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Best 150 or 160 size DOT race tires for a sub-300 pound bike/supermoto?

Discussion in 'Tech' started by Ungarisch, Aug 12, 2020.

  1. Ungarisch

    Ungarisch Well-Known Member

    I'm having a really hard time finding tires appropriate for my Husqvarna 630. It's a 280 pound supermoto, which I currently have 120/70F and 150/60R Michelin Power RS's on it but it's simply too hard of a compound for this bike in this size. I've done 1500 Malibu miles and 5 track days (3 go-kart and 2 big track) on them and the tire is barely half worn on the sides with nearly 3/4 tread still left in the middle of the front. I really don't want my tires lasting longer than my engine rebuild. o_O I'm pretty sure this tire/size is meant more for a 420lbs SV650, not a 280lbs bike. I don't think I'm able to get them up to proper temps and I think it's up to the lack of weight. I run 26f/26r cold for pressures for both track and street.

    In the beginning grip i felt pretty good, but now that the tire is getting older (made in 2017) the front just doesn't feel right anymore. I don't have the same confidence in it. It tends to do this thing where the front will looses and regains traction momentarily when at high lean angles, kinda like a slide/hop. The rear I don't really pay too much attention to, since loosing that momentarily is not really an issue.

    Ideally, I would like to replace them with Michelin Supermoto tires or Metzeler's Racetec SM tires, but there is no literature anywhere that say whether they will warm up adequately on their own or if you must use them with tire warmers with them. Anyone use these without warmers? How's the warmup times?

    Next option is to go with SuperCorsa TD tires or Metzeler RaceTec K1/2's, but again, I think I'm gonna have the same problem as the Power RS's where the 150/60 rear size is designed more for a heavier middle weight bike rather than a lightweight SM.

    I currently have Power Cup 2's on my sport bike, and I absolutely love them, the warmup is immediate and grip is unreal, though they only really last about 1000 miles on the rear. I would love to put them on my SM, but they don't come in the 150 or 160 size. So what I'm currently thinking is getting 120/70 Power Cup 2's for the front and Power Cup Evo's for the rear as those do come in 150 size. Per the description in the link below, it says it's compound is specifically formulated for light weight bikes. Any thoughts on this combo? I can't find much reviews or praise for the Evo's anywhere on the interweb.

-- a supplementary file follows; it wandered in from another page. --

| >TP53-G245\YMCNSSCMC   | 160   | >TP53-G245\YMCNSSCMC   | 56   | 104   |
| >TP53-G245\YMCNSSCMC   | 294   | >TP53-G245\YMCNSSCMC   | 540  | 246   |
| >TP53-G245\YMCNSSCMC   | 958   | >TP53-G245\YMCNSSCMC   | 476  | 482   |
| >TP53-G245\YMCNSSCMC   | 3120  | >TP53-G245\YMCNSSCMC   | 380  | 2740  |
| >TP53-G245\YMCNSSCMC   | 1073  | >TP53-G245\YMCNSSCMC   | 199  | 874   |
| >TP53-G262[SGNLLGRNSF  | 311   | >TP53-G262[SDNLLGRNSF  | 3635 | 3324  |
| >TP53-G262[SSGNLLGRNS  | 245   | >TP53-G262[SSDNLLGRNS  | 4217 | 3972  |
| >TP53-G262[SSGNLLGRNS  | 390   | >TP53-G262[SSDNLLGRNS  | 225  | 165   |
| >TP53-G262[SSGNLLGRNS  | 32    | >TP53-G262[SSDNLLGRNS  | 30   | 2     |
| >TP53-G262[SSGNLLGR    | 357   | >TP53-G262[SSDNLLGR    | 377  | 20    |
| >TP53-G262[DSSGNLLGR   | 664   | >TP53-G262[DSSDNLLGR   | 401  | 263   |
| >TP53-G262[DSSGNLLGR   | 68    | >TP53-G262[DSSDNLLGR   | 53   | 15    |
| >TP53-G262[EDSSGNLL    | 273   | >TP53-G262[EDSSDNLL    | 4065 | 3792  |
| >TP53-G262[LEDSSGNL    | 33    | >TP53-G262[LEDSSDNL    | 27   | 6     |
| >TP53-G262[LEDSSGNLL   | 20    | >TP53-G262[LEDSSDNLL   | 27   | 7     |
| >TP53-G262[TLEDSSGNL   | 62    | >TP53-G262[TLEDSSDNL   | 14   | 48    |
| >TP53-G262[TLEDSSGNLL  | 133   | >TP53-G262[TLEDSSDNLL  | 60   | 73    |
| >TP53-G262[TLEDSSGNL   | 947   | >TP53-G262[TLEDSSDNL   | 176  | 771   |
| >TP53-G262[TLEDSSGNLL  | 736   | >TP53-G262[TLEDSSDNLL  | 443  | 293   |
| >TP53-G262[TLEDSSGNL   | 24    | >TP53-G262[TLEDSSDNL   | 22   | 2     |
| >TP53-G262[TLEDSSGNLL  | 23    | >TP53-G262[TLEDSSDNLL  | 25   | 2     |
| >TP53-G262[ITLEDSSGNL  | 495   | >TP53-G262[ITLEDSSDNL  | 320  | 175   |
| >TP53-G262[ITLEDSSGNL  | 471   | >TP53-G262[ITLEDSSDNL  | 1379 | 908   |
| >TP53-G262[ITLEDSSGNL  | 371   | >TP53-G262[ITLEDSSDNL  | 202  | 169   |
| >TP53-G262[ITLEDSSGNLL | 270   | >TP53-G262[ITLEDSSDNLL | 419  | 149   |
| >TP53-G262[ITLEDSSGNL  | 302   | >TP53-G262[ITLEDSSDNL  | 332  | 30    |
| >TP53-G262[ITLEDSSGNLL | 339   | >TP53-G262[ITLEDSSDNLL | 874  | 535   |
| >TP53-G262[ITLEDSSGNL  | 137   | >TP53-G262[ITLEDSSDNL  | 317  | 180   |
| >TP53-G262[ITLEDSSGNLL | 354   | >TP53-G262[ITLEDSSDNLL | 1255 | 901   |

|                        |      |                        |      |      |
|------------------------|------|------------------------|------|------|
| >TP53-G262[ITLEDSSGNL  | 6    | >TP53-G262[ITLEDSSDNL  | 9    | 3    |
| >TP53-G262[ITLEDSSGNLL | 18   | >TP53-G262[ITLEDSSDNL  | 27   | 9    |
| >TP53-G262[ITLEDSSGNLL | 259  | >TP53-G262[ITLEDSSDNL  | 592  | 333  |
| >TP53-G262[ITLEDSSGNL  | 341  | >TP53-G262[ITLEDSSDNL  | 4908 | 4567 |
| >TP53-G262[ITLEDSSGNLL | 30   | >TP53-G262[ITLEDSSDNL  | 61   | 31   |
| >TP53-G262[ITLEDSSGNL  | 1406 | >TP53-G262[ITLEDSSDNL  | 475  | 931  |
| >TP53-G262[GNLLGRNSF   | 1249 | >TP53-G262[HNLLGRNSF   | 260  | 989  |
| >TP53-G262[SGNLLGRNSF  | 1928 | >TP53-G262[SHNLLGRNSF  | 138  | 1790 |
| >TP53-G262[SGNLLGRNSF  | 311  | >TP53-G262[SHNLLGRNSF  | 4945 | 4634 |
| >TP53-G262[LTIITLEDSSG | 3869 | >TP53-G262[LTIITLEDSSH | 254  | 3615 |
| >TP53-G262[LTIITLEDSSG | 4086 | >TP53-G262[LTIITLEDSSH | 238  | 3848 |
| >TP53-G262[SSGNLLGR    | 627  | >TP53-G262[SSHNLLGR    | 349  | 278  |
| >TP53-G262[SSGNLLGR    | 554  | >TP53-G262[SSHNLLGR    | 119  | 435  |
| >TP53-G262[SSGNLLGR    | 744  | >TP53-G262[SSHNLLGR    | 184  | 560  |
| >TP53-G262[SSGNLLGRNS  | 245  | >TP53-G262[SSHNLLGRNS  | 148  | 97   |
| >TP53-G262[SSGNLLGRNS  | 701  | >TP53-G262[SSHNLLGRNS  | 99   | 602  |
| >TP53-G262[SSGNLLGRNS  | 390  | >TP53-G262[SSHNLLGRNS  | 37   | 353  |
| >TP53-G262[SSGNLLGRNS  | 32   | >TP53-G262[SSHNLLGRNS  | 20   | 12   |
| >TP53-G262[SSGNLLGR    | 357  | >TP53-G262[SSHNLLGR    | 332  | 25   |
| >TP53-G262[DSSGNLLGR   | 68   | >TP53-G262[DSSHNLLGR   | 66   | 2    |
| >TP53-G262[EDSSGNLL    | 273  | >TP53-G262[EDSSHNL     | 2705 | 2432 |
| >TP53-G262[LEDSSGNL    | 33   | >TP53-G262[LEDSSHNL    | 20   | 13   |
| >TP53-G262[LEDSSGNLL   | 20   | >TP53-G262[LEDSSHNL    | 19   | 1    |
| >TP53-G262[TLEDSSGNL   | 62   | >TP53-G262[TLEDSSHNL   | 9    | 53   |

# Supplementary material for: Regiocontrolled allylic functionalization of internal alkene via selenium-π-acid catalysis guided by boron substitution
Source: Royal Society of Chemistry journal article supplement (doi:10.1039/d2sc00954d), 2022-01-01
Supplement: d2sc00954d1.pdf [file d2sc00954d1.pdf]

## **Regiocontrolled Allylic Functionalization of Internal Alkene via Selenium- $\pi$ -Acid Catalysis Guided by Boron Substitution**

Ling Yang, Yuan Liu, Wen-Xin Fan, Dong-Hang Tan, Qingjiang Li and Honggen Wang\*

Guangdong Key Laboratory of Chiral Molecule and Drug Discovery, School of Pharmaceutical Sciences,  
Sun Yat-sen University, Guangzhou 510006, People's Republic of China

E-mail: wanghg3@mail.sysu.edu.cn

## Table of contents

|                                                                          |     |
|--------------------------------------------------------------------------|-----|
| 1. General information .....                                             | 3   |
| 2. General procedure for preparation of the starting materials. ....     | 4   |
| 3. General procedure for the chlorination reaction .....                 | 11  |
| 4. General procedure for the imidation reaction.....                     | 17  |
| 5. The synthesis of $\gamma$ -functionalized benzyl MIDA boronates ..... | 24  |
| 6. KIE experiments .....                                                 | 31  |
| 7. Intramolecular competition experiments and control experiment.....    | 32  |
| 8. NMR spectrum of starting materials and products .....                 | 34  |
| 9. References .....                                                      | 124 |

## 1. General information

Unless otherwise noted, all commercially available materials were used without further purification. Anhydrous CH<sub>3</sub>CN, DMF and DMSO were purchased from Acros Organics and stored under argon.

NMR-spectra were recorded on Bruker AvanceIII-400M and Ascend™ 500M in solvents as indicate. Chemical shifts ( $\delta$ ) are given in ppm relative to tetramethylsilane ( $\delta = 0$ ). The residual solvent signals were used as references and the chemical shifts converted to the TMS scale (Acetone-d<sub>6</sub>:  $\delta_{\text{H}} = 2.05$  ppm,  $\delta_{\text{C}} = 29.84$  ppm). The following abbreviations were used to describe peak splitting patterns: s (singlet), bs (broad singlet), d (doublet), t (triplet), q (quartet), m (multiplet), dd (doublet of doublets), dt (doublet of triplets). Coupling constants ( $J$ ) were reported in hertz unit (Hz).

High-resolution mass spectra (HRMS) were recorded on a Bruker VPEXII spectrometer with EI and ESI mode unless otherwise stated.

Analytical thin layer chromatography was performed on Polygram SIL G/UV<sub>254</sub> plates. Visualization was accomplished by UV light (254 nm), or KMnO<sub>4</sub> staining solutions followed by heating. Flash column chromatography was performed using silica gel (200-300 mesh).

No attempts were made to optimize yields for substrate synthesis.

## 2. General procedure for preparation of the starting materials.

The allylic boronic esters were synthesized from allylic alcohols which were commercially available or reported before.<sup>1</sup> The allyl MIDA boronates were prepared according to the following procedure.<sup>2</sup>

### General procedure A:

Or any other tire suggestions is welcome.
  2. noles19

    noles19 Well-Known Member

    Lots of people run the metzeler supermoto slicks on the street and can get them to temp, so that maybe a option but they don't last long...
    Ungarisch likes this.
  3. Pneumatico Delle Vittorie

    Pneumatico Delle Vittorie Retired "Tire" Guy

    There is a Metzeler SM data sheet for the tires because I posted it in a Supermoto thread here back in Jan. I think?
    In Europe the 150/60 rear is popular because there are a lot of 400cc and like sized bikes that this size.
    These are not sold in a 150/60 size, sorry.
    You can get a race compound Supercorsa DOT or a TD in a 160/60, but the 150/60 Supercorsa race compound was discontinued last year. But you might get very lucky and find one somewhere but it wasn't a popular size.
    Finally rim width is the main thing you look at when choosing a tire size, and of course there is a size range with rims and tire sizes so you do have options.
    Ungarisch likes this.
  4. G2G

    G2G I feel the need

  5. IL8APEX

    IL8APEX Well-Known Member

    Bumping this up for more info.

    @Ungarisch Did you ever find a tire you liked?

    I've seen some people running Metzeler SuperMoto tires on 300lb bikes, would like to hear from someone who has experience with it or similar.

  6. parillaguy

    parillaguy vintage+GP racer

    My supersingle based on a WR450 Yamaha is limited by the width of the swing arm and chain run. A 160 gets the edge chewed by the chain. I couldn't get Pirellis or Dunlop Q3+ in a 150 size so ran a Michelin. It worked well.
  7. Ungarisch

    Ungarisch Well-Known Member

    Yes I have tried quite a few tires since I started this thread. The best and most sticky option would be the Metzeler RaceTec SM, tried both the K1 and K2 compounds, however the both only last around 500-600 miles on the street regardless of compound. Zero issues with warm up, so NO they do not require warmers and can be used on the street just fine. Now I'm in socal where the weather doesn't really drop below 50*F so I cannot say how they behave in super cold temps, but above 50 they are perfectly fine without warmers. With my riding habits (around 60 miles in very tight canyons, plus 20 miles of freeway getting there), the Metzelers wore completely evenly on the middle and sides. If you do more straight line stuff, you're going to burn through the middle quickly as I believe they are a single compound throughout the tire, also the Metzeler's do not come with a lot of tread depth.

    The other notable tire I have tried is the Michelin Power Cup Evo. This tire, like the Metzeler was designed for light weight bikes, I believer the compound is also very similar to the K2 so the warmup and grip is nearly the same but unlike the Metzelers the Michelins give you a lot more tread depth and thus for me they lasted around 700-800 miles instead before the sides were gone. This is a dual compound tire so the middle was around 50% for me when the sides were completely gone. So for excessive street riding this is probably a better tire. Two thing I didn't like as much about the Michi's as the Metzelers was the profile shape and the weight of them. The rear weighed significantly more than the Metzeler, probably because they give you a lot more rubber with it. As for shape, the Metzelers are a lot more peaky, and have a lot more edge grip at extreme lean angles that you can achieve at the track. Also the Michi's cost $150 for a rear whereas the Metzeler's are $210.